XMarks, Delicious, and Diigo: These are social bookmarking tools that I use all the time. I use XMarks to maintain the content area links found on my homepage. As I bookmark new links, they are automatically added to the shared folders that my students access. Delicious and Diigo do pretty much the same job for me, which is to create a list of my bookmarks that is sortable by tags. I also love getting new resources sent to me from the groups that I belong to on Diigo.

Evernote and DropBox: When my chemistry students started a major online research project, I set up my macs with Evernote and DropBox and gave students a brief overview of how they worked.  Several students got hooked on Evernote, in particular, especially once they tried out the Evernote iPod app.  I’ll definitely be encouraging the use of these two next year for synchronizing files between home and school devices.

PollEverywhere: We used PollEverywhere a few times, and it worked as advertised. Students preferred it to the Senteo clickers because they could use either the laptops or their cell phones to participate in the polls.  However, since Edmodo introduced its anonymous polling feature, I haven’t gone back to PollEverywhere much.

What didn’t work for me (maybe it will for you?):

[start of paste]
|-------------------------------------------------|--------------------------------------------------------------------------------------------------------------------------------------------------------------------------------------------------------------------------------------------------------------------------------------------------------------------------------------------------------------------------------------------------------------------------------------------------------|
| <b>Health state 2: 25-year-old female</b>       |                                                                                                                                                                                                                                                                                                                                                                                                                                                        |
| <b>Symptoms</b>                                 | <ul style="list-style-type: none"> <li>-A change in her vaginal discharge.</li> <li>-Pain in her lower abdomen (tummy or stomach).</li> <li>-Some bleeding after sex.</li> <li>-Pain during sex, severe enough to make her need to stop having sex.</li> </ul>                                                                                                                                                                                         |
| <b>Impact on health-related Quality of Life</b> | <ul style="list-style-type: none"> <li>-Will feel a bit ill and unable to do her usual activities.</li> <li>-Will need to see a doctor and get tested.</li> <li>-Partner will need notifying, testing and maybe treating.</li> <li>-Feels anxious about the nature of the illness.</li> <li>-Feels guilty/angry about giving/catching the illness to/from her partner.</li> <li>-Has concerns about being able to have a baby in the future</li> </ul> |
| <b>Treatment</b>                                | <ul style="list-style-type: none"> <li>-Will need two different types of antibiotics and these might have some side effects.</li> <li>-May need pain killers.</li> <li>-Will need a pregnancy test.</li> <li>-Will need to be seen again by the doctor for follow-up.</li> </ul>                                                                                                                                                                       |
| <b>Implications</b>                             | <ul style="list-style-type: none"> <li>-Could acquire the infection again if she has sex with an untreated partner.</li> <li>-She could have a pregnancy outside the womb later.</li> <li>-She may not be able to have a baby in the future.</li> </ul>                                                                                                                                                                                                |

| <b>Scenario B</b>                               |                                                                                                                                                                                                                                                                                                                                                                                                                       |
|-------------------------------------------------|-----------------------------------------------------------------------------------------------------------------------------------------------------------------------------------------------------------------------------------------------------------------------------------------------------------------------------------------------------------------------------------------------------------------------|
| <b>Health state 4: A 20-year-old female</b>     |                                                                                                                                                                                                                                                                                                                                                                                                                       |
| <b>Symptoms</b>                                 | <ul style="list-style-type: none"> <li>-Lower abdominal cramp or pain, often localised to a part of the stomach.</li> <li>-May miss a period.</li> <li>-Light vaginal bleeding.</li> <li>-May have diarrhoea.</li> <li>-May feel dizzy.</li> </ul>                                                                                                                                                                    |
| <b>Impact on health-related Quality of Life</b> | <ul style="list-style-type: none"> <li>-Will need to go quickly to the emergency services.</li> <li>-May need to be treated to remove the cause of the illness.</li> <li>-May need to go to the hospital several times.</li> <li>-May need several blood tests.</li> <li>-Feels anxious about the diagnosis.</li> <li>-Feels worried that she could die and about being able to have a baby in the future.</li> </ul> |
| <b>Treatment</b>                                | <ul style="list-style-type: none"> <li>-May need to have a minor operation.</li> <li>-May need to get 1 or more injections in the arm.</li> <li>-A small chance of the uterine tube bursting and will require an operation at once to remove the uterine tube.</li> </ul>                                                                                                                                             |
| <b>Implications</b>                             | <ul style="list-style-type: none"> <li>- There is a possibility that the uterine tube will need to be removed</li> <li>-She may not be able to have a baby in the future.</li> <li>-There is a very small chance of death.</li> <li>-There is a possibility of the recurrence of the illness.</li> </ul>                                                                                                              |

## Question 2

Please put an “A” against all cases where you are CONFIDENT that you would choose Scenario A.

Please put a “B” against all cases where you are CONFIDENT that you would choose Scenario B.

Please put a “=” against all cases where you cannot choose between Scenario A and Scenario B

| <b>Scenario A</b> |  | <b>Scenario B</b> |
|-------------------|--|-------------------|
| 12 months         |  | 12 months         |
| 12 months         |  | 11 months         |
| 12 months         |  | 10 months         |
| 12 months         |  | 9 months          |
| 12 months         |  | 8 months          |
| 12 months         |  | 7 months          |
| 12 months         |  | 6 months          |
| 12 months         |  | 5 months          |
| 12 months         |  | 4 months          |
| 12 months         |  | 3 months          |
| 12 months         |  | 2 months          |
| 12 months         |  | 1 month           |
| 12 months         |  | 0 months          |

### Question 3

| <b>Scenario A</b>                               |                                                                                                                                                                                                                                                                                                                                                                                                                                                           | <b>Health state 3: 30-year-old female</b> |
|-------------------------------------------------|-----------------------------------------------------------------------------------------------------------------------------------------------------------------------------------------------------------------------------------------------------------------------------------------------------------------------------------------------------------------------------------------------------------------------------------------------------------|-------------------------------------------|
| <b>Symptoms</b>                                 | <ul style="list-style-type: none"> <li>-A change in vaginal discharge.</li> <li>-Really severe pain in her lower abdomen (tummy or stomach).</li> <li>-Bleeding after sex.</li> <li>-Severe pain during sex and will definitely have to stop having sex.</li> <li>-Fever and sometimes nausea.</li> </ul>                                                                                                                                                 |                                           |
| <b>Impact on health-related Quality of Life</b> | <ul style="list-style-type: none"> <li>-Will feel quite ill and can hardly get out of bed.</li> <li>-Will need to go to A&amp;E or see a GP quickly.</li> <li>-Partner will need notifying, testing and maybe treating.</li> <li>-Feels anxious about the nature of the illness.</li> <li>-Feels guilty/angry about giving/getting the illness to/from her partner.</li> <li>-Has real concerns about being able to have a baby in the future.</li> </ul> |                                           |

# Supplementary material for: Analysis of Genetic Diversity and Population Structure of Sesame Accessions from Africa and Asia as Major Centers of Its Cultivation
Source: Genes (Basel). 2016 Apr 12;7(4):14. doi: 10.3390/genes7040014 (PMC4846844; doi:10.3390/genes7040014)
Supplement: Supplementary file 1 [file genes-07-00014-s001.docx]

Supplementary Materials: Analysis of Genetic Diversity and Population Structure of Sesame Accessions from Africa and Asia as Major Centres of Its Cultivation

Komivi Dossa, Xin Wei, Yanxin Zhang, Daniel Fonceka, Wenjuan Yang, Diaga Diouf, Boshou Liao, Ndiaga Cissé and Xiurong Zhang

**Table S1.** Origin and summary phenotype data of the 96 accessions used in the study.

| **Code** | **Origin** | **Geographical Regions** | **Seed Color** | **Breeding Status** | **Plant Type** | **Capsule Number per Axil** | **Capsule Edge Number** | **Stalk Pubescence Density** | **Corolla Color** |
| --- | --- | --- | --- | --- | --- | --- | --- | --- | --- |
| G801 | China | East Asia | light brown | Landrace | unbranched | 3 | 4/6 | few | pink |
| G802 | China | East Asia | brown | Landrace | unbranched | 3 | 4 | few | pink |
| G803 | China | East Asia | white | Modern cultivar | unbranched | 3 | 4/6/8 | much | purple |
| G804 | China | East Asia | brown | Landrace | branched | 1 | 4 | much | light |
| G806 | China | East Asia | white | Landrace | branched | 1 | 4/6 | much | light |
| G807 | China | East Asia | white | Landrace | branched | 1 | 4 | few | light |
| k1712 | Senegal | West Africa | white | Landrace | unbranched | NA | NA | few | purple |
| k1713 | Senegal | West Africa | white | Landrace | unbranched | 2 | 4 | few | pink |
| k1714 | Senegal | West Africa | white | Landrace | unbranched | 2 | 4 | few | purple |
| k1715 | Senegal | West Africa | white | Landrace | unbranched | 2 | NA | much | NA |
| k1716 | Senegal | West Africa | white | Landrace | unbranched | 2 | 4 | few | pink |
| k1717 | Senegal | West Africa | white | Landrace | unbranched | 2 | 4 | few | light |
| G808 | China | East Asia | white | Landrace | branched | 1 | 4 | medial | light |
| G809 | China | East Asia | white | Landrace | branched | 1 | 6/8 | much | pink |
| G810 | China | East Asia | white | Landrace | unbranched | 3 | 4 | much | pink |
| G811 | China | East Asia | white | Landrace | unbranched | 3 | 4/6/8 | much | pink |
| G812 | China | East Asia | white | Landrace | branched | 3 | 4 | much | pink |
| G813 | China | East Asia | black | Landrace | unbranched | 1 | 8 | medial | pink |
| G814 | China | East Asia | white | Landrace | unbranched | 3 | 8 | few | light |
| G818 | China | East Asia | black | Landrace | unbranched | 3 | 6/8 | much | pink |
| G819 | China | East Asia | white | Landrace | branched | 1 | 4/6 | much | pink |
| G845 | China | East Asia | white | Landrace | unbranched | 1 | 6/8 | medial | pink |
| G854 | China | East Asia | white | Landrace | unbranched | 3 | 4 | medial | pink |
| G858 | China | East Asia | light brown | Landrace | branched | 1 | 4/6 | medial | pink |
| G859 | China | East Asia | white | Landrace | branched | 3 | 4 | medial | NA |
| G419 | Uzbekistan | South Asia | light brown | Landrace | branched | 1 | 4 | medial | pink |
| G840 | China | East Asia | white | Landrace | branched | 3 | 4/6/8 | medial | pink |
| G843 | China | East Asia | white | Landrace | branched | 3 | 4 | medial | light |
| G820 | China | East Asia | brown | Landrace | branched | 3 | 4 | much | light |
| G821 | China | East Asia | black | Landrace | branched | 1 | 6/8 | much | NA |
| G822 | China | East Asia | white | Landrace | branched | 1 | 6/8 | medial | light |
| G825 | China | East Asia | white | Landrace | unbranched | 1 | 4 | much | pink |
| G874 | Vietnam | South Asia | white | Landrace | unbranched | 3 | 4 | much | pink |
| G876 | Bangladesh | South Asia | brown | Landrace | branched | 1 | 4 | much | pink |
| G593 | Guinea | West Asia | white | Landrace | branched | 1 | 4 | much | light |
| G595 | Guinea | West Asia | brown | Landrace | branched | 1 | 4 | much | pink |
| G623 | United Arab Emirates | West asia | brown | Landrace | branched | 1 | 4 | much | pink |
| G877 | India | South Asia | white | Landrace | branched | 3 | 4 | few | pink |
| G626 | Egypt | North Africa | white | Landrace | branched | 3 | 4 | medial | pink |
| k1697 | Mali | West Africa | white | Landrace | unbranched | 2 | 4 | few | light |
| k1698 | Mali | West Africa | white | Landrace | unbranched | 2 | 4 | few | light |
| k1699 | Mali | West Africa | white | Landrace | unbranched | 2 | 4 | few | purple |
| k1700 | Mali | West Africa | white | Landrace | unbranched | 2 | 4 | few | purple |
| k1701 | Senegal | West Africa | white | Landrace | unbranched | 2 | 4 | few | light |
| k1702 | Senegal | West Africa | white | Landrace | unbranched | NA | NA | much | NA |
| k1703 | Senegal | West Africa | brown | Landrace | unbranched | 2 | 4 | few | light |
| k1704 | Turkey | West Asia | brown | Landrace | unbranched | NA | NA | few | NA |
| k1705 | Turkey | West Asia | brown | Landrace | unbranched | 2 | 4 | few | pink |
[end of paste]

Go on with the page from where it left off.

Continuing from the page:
SMART Notebook software and the SMARTBoard: I found SMART’s premade science resources to be lacking and I never really took the time to create fancy Notebook-based lectures or activities. Notebook isn’t that well supported on Snow Leopard to begin with (yet?) and after the first few crashes I knew that I wasn’t going to waste my time with it. The students and I rarely use the touch function of the SMARTBoard itself, although it is nice when we do. Maybe I haven’t explored the software enough, but I find the SMARTBoard to be as useful as the LCD projector and screen that I used in previous years.

SMART Document Camera: I already had a ProScope that I used for projecting images of various specimens and it had decent microscope adapters so the SMART camera went mostly unused.  I don’t teach from transparencies or notes much either, so there was no need to project pictures of them on the board. Add in the fact that the SMART camera only works in Notebook and…well, you get the idea.